JBoss is reorganizing its partner program and considering moves into new types of software, including tools for building rich client interfaces, as it prepares to fend off increased competition from other providers of open-source middleware.
The changes to the JBoss certified partner program are designed to help customers find the most qualified providers in areas such as consulting, training and support services for JBoss products, said Sacha Labourey, the company's general manager for Europe, the Middle East and Africa.
Until now, the JBoss Authorized Service Partners program, or JASP, was an all-encompassing program that did not distinguish among areas of expertise, making it hard for customers to know who was qualified to provide JBoss consulting services, for example, or to train staff on its software. As a result, service quality levels were inconsistent, Labourey admitted.
JASPs must now meet more stringent requirements to become certified, based on criteria such as how many of their staff are trained on JBoss products. They will also be certified to offer either product support or training services, rather than both. JBoss created a new category of Certified Systems Integrators for companies that offer consulting, integration and support services.
"All partners are not equal, so we are providing guidance about the different levels," Labourey said, adding that the old JASP program was too "one size fits all."
JBoss also introduced certification for vendors, such as Computer Associates International, Novell and Kronos, that embed or bundle JBoss technologies with their products, or who want to certify their products as having been tested to run on JBoss software.
The changes come at a time when JBoss, which established an early lead in the market for open-source application servers, faces mounting competition. Most notably, IBM said last month that it had bought Gluecode Software, which offers training and support for an open-source application server called Apache Geronimo. "The Geronimo-IBM deal is clearly an anti-JBoss move; we have the red light of the laser on us," Labourey said.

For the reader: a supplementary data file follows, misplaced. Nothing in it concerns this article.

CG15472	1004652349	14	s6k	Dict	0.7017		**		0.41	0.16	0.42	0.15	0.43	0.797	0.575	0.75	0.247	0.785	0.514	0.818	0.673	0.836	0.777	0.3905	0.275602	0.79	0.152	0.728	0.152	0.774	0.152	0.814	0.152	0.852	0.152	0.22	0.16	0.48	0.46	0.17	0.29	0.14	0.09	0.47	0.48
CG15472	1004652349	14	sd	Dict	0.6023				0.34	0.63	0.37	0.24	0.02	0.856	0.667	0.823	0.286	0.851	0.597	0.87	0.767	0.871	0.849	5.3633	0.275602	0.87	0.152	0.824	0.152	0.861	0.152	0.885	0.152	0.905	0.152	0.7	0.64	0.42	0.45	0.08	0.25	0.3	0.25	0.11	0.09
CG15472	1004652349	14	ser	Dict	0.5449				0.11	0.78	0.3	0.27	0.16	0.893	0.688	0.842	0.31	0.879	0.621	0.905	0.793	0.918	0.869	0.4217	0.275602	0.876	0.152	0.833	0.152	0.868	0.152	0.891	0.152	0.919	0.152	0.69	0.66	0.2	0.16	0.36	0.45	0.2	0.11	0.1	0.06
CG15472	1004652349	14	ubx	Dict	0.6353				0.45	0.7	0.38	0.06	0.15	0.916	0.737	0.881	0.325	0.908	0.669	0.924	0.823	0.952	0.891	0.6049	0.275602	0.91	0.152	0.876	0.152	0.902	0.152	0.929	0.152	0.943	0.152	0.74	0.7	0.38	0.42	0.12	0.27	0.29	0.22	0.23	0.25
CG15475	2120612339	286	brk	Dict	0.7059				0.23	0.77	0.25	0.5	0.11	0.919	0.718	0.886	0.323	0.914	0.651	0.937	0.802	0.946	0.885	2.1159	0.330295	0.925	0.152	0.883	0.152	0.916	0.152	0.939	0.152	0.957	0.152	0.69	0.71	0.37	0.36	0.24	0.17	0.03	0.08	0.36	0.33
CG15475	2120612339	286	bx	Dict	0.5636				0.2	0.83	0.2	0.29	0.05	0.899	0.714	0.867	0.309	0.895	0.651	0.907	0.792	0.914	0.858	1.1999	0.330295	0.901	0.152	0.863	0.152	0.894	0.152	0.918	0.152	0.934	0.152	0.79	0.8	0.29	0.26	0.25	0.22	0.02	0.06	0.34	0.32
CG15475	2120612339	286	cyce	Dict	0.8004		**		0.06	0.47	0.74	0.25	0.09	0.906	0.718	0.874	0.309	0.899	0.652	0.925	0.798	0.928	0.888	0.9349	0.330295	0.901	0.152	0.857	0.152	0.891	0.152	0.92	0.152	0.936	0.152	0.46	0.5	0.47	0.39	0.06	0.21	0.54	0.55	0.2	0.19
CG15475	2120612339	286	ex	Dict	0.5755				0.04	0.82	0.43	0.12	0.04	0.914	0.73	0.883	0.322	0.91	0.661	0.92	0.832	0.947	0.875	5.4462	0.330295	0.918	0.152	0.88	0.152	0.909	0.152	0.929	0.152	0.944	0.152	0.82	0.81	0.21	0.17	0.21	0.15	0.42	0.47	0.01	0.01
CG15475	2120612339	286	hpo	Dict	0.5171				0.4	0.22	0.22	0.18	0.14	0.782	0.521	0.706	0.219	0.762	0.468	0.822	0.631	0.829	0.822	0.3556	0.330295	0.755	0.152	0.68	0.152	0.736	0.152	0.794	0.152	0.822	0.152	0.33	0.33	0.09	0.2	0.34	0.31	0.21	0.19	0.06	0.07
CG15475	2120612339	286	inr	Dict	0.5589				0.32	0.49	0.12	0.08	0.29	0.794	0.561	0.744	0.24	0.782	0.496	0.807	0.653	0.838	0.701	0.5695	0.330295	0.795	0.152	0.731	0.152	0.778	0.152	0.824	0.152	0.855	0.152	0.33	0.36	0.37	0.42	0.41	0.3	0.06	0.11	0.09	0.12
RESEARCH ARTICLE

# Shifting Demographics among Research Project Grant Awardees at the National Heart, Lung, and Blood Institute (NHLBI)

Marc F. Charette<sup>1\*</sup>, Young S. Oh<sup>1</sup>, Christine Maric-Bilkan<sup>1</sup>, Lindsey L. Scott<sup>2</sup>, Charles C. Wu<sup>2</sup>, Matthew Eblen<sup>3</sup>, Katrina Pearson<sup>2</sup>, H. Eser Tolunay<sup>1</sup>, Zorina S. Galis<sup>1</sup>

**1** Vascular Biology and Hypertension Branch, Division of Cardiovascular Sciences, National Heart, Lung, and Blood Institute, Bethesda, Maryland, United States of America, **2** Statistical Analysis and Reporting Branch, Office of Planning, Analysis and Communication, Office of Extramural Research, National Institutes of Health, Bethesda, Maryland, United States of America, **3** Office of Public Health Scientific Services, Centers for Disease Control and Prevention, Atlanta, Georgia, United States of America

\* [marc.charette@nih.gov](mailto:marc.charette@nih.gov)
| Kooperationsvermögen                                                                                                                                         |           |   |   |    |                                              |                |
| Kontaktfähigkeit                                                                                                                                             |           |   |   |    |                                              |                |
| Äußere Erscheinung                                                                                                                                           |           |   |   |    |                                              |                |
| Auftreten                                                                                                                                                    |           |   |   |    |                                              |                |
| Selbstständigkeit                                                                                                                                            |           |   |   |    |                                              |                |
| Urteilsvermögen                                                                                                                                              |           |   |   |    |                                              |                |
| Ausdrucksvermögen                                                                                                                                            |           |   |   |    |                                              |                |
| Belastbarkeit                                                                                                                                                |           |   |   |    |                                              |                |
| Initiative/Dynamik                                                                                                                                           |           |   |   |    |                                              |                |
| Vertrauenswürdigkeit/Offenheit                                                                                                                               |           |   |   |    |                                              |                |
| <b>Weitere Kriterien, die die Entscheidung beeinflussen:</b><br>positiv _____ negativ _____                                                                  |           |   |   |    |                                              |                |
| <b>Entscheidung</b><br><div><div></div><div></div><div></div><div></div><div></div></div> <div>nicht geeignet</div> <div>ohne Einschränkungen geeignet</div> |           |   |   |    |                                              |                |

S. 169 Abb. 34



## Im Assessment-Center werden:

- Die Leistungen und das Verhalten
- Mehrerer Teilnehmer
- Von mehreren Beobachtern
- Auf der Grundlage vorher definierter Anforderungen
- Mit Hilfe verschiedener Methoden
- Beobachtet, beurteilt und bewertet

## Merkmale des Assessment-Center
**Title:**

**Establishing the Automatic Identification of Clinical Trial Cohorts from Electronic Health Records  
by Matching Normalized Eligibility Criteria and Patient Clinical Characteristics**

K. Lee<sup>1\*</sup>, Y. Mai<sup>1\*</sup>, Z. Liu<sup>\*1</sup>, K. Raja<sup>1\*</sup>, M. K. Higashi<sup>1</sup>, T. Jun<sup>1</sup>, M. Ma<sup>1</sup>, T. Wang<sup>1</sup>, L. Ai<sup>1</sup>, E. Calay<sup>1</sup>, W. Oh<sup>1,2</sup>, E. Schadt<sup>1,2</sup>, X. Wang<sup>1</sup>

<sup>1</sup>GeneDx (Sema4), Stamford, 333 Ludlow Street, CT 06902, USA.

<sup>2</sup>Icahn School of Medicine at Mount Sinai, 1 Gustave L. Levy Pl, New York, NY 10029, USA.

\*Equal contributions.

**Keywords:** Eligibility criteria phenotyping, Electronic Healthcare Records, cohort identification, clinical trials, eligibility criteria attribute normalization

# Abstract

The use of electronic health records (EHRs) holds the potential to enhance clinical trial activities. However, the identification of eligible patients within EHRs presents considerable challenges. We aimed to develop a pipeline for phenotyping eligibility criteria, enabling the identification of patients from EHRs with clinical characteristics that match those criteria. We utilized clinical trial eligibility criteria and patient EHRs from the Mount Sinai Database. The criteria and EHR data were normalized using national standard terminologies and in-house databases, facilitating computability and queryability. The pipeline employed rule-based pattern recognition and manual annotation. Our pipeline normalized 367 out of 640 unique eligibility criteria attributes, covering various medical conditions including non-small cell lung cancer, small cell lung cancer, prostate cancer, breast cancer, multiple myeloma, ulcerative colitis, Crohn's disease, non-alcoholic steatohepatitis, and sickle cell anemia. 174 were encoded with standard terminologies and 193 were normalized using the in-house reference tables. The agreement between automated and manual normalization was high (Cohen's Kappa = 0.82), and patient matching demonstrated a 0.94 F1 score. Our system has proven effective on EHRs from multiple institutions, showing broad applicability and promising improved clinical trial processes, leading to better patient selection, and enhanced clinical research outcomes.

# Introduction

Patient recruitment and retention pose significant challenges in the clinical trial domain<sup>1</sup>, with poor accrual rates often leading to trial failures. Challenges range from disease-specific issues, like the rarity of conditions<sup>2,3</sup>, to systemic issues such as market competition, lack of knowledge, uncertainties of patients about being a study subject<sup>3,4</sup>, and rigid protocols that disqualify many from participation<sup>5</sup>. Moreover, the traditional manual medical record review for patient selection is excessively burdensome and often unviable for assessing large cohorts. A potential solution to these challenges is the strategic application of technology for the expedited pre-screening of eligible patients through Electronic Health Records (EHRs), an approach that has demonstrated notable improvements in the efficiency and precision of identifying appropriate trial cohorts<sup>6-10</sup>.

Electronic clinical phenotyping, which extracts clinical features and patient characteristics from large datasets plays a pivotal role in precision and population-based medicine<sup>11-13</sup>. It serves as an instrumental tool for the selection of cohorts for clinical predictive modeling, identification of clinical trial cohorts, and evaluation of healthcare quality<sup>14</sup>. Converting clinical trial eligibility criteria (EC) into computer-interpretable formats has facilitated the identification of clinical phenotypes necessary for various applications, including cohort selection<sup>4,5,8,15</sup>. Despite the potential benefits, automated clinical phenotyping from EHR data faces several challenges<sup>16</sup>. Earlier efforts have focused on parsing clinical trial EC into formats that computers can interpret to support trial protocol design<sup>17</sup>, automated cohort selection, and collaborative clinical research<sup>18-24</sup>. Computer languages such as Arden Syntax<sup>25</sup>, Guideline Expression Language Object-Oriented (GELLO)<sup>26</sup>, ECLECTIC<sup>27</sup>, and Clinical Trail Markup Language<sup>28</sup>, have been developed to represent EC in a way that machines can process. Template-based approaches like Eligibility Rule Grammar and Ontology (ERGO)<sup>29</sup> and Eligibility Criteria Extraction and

In addition, the Java Open Application Server, or JOnAS, developed by Europe's ObjectWeb consortium, was recently certified compliant with Sun Microsystems's J2EE (Java 2 Enterprise Edition) 1.4 specification, considered a helpful step for adoption by enterprises. JOnAS also won a distribution deal with Red Hat.
JBoss, in Atlanta, will compete by doing what it does best, Labourey said: Developing good software, and adding to its stack of middleware products, called the Java Enterprise Middleware System, or JEMS. JEMS currently includes its application server, Hibernate persistence engine, jBPM business process management engine and other components.
Labourey would like to expand that list into new fields, including software for building Web-based rich clients, he said.
Developing server-side applications has become easier with Enterprise Java Beans 3.0, but building rich client applications, which allow end users to access data from back-end systems, require too much coding on the part of developers, according to Labourey.
One Web consultant agreed.
"User interface development is really kind of painful," said Brice Dunwoodie, president of Web consulting company Cylogy Inc. "Most techies don't really like it. Not to mention, you tend to do the same thing over and over again. So it makes sense that you have a toolkit that provides a library of widgets that are pretty smart and can be manipulated with server-side code."
At least a dozen "frameworks" for rich client development already exist, including Struts from the Apache Software Foundation, Flex from Macromedia, and XUI (Extensible User Interface) from JWay Group. But the fact there are many is part of the problem, according to Labourey.
"When I see 20 frameworks doing the same thing in the market it's always a bad sign; a standard and some maturity is required," he said.
JBoss may offer a Web client framework, Labourey said, although it has no concrete plans to do so at present. It is also considering adding an integration server to its lineup.
JBoss can extend its product lineup in one of four ways, he said. It can develop the software itself, hire lead developers from an existing project, buy the copyright, trademark, URL and other assets of an existing project, or acquire a company and release the source code for its product.
Labourey said he talked informally about an acquisition with a few small vendors in Europe, "but nothing very aggressive." Such a move would be a first for JBoss, he said.